So in the 1930s, the feds spent big money on concrete and steel. That’s unlike today, when the bulk of federal spending, and its seemingly endless growth, goes for income redistribution, entitlements like Medicare and salaries to bureaucrats — none of whom are building dams.
The takeaway point is don’t confuse raw GDP numbers with the “real” economy. GDP is simply a metric that people use to gauge the size of the U.S. economy. But GDP is NOT the actual U.S. economy. If GDP really contracted by 0.1% in Q4, did the “real” economy decline too?
For example, what if we moved the GDP numbers around? What if the government were spending immense sums on military procurement, while, say, private investment were totally stalled? By cooking the macro-books just a little bit, government spending could appear to show that GDP is strong, and growing. Yet in reality, lacking private investment, the overall economy would be much worse.
Back in the USSR
An example of these fake economics would be the former Soviet Union, with its massive, government-directed capital investment, year after year, in heavy industry and military production. Sure, Soviet capex numbers looked strong, but the economy was hollow.
When I was in Moscow a while back, I had a long talk with a Russian economist trained in the Soviet era. Her view was that basically, Communism was a system of false bookkeeping.
Soviet planners made countless bad investments, which never paid off to the nation. But politics within the Soviet system prevented the overall economy from ever truly booking the loss, because every expenditure showed up in the books as a positive element to the economy.
Now looking back, the landscape of Russia and former Soviet states is littered with white-elephant projects that never had any economic justification — roads to nowhere, bridges to nowhere, factories in the middle of nowhere.
The Russian economist summed up 75 years of history by saying, “Communism died in the USSR by the early 1970s, but political inertia kept it going. Communism outlived itself, until everything collapsed suddenly in 1991.”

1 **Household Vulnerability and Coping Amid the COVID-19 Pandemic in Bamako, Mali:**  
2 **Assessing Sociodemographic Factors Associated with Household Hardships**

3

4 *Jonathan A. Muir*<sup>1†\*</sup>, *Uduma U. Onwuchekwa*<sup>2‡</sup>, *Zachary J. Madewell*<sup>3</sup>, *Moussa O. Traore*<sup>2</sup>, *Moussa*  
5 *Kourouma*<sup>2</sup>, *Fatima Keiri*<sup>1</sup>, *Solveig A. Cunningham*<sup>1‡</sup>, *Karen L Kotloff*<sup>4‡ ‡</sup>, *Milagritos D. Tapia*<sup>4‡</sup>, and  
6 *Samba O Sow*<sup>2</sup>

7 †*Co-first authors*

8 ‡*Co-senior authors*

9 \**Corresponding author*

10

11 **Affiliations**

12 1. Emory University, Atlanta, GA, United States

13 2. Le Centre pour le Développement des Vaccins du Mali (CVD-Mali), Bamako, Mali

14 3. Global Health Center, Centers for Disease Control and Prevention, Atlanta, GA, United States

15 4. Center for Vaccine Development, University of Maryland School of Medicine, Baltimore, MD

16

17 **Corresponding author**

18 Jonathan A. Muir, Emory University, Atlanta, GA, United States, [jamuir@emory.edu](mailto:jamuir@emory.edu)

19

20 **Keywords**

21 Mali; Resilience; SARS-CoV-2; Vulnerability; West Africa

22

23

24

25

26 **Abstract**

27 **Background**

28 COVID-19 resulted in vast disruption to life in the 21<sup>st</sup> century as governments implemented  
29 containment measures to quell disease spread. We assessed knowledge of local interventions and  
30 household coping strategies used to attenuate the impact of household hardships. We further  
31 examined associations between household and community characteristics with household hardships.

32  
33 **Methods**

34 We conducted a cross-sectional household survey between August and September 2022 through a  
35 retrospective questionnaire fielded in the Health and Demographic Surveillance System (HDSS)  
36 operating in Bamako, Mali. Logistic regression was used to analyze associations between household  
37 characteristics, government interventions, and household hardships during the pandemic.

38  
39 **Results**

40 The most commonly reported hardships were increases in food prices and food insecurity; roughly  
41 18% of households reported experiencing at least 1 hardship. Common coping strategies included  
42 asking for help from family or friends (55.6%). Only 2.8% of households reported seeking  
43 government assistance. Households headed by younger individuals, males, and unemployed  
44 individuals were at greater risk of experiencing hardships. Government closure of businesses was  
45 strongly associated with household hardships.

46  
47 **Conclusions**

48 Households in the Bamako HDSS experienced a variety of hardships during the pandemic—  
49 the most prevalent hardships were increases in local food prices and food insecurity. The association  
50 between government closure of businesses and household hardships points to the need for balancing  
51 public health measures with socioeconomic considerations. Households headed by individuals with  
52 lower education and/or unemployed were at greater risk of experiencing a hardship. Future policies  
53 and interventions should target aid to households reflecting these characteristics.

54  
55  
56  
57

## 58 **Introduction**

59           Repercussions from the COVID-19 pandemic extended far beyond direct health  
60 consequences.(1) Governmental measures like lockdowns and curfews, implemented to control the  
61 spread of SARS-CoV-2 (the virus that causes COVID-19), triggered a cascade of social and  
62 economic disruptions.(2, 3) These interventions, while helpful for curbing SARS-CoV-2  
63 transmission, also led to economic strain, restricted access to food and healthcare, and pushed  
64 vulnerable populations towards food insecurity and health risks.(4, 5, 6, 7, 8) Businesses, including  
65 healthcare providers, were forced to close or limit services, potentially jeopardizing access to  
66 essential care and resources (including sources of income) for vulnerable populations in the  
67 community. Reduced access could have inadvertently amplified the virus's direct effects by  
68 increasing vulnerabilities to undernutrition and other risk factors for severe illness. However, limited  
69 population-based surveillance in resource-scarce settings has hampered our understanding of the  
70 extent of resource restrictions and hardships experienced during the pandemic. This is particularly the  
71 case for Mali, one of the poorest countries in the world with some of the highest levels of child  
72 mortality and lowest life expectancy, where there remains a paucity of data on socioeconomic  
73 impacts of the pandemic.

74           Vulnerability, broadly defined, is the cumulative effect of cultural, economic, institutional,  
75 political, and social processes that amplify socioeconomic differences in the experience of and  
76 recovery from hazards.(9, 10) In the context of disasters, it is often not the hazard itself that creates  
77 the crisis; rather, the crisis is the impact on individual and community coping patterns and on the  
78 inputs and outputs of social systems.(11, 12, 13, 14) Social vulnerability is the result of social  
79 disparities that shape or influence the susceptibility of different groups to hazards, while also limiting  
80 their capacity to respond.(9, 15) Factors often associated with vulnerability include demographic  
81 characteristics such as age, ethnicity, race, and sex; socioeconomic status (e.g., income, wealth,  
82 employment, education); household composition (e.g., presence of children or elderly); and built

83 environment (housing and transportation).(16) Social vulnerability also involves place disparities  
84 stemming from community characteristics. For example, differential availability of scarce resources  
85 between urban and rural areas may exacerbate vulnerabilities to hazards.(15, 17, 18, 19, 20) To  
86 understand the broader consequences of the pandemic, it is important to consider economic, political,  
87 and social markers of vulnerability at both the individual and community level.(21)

A Different Story (For Some)
Today, though, the story has changed. “Putin Turns Black Gold to Bullion as Russia Outbuys World” cries a headline from Bloomberg. In a way only history can, the storyline is changing. Russia’s economy is gearing up as Vladimir Putin stresses the need for energy and hard currency.
Russia is stocking up on gold? At a time when the U.S. is cooking the GDP numbers one way or another? What does Vlad know that Obama, Biden, Geithner, Bernanke, Reid, Pelosi…And most politicians don’t? Probably, a lot.
Indeed, don’t be fooled by the U.S. austerity talk. So far nothing behind the government curtain has changed.
Likewise, let’s not change our thesis on holding hard assets. Keep an eye on gold, silver, oil and all the other “stuff” that can hold more value than government paper.
Thanks for reading.
Original article posted on Daily Resource Hunter
Byron King is the managing editor of Outstanding Investments and Energy & Scarcity Investor. He is a Harvard-trained geologist who has traveled to every U.S. state and territory and six of the seven continents. He has conducted site visits to mineral deposits in 26 countries and deep-water oil fields in five oceans. This provides him with a unique perspective on the myriad of investment opportunities in energy and mineral exploration. He has been interviewed by dozens of major print and broadcast media outlets including The Financial Times, The Guardian, The Washington Post, MSN Money, MarketWatch, Fox Business News, and PBS Newshour.